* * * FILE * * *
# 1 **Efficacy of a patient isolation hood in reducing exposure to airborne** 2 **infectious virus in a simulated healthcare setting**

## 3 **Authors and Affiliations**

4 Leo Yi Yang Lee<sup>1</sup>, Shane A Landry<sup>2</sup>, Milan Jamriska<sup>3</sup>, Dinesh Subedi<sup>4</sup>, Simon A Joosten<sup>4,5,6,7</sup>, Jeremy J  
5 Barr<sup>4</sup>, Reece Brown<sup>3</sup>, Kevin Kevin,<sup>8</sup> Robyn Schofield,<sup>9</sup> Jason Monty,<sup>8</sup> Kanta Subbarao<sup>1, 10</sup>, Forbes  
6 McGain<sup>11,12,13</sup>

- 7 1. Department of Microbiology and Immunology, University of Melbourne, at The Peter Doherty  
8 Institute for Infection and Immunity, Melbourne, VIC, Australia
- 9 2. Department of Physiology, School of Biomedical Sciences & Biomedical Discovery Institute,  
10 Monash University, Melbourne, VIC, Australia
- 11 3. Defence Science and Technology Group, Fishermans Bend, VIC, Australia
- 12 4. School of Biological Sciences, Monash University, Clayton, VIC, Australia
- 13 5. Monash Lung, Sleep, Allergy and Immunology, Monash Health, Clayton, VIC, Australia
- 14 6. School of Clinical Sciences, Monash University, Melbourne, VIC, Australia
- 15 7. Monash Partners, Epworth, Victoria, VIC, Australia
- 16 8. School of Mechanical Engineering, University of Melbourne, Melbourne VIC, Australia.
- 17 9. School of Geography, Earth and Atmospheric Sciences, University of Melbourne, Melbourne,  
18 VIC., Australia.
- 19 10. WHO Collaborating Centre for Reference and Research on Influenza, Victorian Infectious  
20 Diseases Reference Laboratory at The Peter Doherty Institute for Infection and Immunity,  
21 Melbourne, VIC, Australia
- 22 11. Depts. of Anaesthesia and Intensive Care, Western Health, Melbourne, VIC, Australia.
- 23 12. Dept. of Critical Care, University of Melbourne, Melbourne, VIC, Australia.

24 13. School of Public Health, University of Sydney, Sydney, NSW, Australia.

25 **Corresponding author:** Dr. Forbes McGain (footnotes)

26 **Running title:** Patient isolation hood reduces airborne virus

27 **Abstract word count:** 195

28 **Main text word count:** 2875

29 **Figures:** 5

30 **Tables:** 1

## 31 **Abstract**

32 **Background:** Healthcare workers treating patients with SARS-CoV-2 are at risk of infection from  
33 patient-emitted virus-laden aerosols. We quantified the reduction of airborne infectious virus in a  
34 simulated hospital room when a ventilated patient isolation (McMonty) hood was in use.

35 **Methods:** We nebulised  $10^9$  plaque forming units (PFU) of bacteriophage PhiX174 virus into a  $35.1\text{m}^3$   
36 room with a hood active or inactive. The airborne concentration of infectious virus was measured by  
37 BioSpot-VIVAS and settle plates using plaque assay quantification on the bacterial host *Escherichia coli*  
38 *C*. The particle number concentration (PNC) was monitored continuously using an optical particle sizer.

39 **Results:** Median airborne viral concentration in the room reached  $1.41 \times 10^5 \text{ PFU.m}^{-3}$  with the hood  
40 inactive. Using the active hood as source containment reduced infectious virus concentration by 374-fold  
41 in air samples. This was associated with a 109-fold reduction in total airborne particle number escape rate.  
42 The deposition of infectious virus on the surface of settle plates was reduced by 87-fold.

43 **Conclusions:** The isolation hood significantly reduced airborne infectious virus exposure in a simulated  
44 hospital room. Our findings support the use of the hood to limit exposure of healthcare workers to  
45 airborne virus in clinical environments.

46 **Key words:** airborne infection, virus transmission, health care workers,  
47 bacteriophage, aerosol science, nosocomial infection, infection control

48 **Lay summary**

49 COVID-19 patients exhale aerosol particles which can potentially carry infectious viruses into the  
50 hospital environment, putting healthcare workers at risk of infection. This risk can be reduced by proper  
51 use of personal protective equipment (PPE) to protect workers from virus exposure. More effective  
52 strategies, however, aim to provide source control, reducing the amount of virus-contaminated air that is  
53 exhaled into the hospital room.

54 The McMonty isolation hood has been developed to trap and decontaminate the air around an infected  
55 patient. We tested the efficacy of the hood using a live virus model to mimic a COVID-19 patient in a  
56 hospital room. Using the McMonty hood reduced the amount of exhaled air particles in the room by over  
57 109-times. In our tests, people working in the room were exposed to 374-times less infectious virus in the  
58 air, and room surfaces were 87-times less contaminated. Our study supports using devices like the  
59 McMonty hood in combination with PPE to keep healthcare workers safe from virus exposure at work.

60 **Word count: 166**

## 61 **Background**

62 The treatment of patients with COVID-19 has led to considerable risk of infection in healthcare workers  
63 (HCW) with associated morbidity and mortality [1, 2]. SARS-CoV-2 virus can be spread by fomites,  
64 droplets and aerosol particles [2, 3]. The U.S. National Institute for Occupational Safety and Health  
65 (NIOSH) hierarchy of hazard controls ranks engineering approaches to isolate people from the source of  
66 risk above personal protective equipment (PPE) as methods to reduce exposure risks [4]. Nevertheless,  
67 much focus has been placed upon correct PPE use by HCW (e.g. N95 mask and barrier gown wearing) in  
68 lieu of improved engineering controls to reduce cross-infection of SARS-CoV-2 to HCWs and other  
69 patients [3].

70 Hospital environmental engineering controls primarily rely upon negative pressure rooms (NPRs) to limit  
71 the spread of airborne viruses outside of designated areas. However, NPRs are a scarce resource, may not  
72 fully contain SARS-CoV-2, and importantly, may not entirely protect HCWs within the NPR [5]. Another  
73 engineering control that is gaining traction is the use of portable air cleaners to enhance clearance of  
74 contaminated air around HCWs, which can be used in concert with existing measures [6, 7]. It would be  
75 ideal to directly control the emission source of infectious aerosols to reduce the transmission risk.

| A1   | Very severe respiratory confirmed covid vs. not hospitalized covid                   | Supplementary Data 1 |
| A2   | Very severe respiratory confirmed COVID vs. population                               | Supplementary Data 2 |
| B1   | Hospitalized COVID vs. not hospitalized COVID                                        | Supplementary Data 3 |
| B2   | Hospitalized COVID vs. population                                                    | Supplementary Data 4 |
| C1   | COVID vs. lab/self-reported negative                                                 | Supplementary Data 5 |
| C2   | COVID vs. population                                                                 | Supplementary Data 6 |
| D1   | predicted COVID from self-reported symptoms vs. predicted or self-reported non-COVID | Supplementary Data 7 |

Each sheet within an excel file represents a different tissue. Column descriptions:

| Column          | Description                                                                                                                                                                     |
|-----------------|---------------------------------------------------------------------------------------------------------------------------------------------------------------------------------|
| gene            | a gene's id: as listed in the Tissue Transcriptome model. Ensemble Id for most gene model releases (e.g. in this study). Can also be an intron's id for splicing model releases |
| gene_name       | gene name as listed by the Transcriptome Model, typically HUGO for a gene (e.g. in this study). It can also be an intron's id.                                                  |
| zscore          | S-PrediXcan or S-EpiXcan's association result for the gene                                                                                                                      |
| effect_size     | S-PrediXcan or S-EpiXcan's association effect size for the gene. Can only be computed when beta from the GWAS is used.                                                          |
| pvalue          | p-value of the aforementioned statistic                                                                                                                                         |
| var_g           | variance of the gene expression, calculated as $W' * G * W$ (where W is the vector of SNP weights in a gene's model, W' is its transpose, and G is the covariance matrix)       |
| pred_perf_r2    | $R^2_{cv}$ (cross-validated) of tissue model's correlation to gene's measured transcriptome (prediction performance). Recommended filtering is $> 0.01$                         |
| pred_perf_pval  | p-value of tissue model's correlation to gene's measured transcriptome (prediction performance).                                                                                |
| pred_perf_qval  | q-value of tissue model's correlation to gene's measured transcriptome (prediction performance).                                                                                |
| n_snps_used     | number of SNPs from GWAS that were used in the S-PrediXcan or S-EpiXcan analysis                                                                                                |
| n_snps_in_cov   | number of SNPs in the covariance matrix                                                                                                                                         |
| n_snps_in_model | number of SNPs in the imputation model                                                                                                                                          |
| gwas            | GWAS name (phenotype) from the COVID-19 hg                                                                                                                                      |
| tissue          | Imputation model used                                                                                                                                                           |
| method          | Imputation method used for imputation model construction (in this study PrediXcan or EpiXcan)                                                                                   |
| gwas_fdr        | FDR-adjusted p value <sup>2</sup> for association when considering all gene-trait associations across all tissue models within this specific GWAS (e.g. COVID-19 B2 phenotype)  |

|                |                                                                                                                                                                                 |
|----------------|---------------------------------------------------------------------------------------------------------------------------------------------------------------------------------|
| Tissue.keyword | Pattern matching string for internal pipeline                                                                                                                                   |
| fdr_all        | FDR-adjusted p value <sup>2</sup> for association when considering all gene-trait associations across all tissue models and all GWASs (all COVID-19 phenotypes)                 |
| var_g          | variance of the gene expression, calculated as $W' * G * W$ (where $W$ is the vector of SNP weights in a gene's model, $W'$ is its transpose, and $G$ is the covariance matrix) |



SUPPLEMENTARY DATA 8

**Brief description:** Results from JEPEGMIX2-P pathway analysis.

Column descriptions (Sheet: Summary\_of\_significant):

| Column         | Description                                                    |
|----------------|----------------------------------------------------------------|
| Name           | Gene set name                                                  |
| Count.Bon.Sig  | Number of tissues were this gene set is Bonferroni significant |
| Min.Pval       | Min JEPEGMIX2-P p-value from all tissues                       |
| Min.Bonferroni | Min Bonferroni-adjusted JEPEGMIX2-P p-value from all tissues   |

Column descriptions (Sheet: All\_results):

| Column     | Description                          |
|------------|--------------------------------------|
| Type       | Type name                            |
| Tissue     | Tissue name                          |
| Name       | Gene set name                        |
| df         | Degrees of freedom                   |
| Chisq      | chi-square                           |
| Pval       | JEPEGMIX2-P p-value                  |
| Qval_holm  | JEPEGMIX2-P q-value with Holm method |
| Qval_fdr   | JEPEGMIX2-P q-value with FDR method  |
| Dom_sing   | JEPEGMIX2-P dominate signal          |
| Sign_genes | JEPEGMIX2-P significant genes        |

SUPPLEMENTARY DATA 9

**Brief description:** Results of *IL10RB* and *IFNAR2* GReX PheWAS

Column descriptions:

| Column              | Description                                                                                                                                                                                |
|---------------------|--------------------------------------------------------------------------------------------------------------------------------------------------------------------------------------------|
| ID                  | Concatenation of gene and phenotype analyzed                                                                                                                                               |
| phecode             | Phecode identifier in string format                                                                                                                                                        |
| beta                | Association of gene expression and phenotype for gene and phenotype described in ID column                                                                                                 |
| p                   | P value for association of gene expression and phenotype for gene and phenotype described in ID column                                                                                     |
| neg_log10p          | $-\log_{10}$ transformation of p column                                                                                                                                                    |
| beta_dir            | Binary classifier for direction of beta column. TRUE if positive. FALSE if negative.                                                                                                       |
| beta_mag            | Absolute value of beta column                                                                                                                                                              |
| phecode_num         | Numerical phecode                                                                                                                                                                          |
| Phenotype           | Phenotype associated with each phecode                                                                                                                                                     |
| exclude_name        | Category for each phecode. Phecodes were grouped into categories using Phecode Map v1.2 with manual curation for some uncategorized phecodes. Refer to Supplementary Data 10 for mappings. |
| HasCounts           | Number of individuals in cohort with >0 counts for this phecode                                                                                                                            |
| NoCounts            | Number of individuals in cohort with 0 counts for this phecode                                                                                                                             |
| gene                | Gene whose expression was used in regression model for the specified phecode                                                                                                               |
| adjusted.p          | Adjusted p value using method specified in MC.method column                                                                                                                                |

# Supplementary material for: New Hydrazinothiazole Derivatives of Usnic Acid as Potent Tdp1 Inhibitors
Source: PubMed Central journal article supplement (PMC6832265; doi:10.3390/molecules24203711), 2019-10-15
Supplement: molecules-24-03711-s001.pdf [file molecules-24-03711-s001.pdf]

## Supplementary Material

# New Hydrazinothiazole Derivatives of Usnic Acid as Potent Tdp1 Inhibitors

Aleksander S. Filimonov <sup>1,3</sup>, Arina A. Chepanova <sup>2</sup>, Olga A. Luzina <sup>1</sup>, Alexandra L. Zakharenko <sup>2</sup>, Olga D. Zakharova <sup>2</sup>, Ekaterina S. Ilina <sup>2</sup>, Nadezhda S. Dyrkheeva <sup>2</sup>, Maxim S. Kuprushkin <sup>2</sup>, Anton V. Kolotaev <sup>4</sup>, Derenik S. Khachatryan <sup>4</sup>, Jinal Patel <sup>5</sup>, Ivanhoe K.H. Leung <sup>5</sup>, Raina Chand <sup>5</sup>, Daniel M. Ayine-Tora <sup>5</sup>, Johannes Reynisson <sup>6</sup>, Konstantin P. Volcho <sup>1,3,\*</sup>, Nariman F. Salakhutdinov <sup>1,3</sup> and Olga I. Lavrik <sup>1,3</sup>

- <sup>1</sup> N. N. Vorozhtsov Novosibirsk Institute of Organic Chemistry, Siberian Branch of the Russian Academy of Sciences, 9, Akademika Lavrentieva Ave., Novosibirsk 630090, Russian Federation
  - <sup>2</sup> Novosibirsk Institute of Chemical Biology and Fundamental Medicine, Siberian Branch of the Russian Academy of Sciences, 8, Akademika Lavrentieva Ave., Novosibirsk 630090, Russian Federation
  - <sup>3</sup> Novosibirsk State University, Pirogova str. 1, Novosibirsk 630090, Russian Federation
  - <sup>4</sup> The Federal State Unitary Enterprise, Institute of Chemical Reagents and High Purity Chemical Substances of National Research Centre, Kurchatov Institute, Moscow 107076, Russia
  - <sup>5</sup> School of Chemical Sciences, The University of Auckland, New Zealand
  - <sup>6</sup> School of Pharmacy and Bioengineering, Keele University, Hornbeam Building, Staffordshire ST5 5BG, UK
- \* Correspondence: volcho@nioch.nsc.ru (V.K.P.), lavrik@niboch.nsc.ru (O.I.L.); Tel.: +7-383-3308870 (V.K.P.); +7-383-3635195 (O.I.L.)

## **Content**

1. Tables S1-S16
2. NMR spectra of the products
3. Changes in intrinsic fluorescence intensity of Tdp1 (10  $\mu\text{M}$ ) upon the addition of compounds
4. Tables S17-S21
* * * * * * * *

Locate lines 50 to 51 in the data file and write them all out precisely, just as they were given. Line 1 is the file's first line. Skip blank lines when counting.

51 use of personal protective equipment (PPE) to protect workers from virus exposure. More effective  
52 strategies, however, aim to provide source control, reducing the amount of virus-contaminated air that is  